The boat house, with huge osprey nest on top

It turns out that the reefs around this caye are not too bad.  There is a lot of death, to be sure, but that’s the case everywhere as the oceans continue to warm a degree at a time and these fragile little life forms can’t adapt.  But, there’s still a lot of life too.  There are many of the great big brain coral that awed me when I was a little kid, and I counted at least fifteen different varieties of other coral, as well as sea fans in several colors, anemones, and a good deal of greenery growing here and there.  A partial list of critters from our two short dives:  two manta ray, a spotted ray, a sting ray, a moray eel, a spotted eel, spiny lobster, shovel nosed lobster, many big parrot fish, angel fish, “Dory” fish, trigger fish and a plethora of long legged, fast moving serpent starfish like Mrs. Barker’s ‘medusa’ in the salt water tank we love in Germany.  Oh, and Ezra’s personal favorites:  While suiting up for the second dive he spits into his mask and starts scrubbing, pensively, “Mom, are we going to see more of those TERRIFYING fish?”  I stifle a giggle, “Terrifying fish?  Which ones are you terrified of?”  He looks at me with shock, how could I not have noticed?  “The pinkish ones that are a little big striped, they have the awful spikes on top and that BIG RED EYE that just looks at you!”  “Oh, you mean the red snappers,” I explain, “You know, those are really good eating.”  “Yeah?  Well, they’re also terrifying,” he pronounces with finality.  And here I’d thought he meant the lion fish that the sweet Australian girl manning the Marine Station carries a stick for when she dives.  “They’re not native here, somebody probably turned one out of a fish tank in Florida.  They’re aggressive little buggers and they’re messing up the eco-system.  We beat them to death when we find one… except the one we captured for the bowl, you can have a look up at the station… that was a tricky business!” she explained brightly as she dried the salt tips of her hair.  “If you see one, kill it with your dive knife please.” she earnestly requested.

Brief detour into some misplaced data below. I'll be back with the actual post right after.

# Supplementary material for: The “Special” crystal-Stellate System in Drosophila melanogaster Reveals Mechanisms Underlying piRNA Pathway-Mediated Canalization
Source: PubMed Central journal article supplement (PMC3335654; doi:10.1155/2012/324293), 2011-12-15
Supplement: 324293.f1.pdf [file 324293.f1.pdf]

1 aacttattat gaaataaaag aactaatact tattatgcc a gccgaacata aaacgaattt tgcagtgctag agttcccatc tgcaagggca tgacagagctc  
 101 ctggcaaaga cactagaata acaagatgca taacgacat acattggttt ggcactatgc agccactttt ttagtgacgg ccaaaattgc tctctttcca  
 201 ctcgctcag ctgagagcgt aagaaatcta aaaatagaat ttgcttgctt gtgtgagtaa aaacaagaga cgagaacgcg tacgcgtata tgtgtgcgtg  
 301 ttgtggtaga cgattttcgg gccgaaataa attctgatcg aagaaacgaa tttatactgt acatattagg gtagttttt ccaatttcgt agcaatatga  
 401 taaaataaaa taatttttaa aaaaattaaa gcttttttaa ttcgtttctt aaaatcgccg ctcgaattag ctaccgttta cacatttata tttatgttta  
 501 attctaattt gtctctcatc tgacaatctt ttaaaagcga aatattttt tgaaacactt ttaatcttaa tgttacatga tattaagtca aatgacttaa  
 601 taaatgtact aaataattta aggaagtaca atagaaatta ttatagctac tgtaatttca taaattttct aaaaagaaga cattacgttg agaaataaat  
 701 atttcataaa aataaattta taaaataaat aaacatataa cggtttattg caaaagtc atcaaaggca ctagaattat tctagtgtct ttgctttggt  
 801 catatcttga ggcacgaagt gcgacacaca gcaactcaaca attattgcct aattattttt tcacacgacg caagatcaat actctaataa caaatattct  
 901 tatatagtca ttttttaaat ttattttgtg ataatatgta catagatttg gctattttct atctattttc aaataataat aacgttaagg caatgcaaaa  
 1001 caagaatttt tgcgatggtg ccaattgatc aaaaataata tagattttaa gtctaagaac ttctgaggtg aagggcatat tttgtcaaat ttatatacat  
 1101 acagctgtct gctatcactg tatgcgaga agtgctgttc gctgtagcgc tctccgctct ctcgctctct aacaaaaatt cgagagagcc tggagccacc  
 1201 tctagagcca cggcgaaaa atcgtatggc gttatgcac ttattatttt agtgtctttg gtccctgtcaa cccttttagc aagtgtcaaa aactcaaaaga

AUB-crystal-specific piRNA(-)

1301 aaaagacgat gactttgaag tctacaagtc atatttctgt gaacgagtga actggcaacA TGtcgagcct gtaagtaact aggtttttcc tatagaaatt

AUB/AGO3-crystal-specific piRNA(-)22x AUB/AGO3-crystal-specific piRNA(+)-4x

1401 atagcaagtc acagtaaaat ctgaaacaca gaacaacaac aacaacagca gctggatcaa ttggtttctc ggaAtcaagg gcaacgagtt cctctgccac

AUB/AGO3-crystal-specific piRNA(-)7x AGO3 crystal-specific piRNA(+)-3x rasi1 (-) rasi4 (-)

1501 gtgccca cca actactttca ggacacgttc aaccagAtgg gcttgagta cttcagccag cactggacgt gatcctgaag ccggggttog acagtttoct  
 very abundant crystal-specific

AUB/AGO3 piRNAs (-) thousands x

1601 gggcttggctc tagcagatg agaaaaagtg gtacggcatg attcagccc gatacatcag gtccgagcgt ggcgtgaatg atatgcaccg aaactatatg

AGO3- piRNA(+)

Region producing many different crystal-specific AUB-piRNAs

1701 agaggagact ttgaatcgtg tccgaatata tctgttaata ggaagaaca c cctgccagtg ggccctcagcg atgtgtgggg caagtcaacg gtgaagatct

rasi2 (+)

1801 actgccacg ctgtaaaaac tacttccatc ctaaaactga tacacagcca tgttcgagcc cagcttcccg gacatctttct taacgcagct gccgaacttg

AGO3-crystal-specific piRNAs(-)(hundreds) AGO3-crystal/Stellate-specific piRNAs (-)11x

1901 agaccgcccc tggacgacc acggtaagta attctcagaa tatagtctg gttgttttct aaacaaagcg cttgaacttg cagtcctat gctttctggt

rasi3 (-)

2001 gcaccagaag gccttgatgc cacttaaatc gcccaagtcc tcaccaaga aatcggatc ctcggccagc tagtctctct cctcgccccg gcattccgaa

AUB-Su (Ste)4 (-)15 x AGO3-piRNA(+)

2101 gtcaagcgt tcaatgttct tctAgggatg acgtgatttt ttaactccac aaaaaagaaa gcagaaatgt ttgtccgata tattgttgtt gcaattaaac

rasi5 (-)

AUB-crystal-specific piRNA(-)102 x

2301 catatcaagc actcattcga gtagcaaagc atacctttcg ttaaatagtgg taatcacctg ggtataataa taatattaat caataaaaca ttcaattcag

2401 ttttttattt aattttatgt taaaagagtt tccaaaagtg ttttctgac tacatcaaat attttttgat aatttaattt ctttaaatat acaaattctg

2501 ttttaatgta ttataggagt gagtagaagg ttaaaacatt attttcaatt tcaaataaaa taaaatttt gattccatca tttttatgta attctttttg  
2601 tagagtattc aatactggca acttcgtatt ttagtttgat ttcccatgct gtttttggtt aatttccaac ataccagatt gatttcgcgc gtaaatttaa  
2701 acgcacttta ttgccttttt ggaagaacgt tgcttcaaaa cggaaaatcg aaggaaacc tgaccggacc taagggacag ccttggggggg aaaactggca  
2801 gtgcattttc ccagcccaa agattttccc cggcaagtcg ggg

Juliette sat with us for dinner, a grandmother from New Mexico, she’s taken to the kids and is traveling alone.  She couldn’t get a word in edgewise as the kids bubbled over with excitement following their first real dive and the little boys strove to catch them up on all of the adventures they’d “missed out on” while they were gone.  When the kids finally evaporated, full of pork chops, fried fish, red beans and rice and cake that Miss Lana had made especially for Elisha to reward him for his hard work on the business end of a wheel barrow moving tree clippings to the compost for her that morning, I finally was able to ask her what she did.  “I’m a therapist,” she replied with a serene smile, “Or, I used to be.  Now I’m mostly a Grandma.”  “Great,” I thought, “A therapist, I wonder what the analysis of this mess is!”  Evidently she could hear my thoughts.  “Your kids are so lively and so happy,” she marveled, “They really have a lot of joy.”  I’m sure she could have said a lot of things, but I’m glad she said that.  I suppose when you’re a therapist joyful kids are in short supply.

Marianne (of the scorpion sting at Barton Creek Outpost) and her friend Beth turned up on this Caye yesterday.  We were glad to see them again and have spent most of the day in their pleasant company.  After dinner we traded Beth the use of our guitar for the sweet sound of her voice.  She sang her own songs by the light of a chalice moon that spilled liquid silver onto the surface of a flat calm sea, until the drumming started.  Then, of course, we had to go and see the natives dance.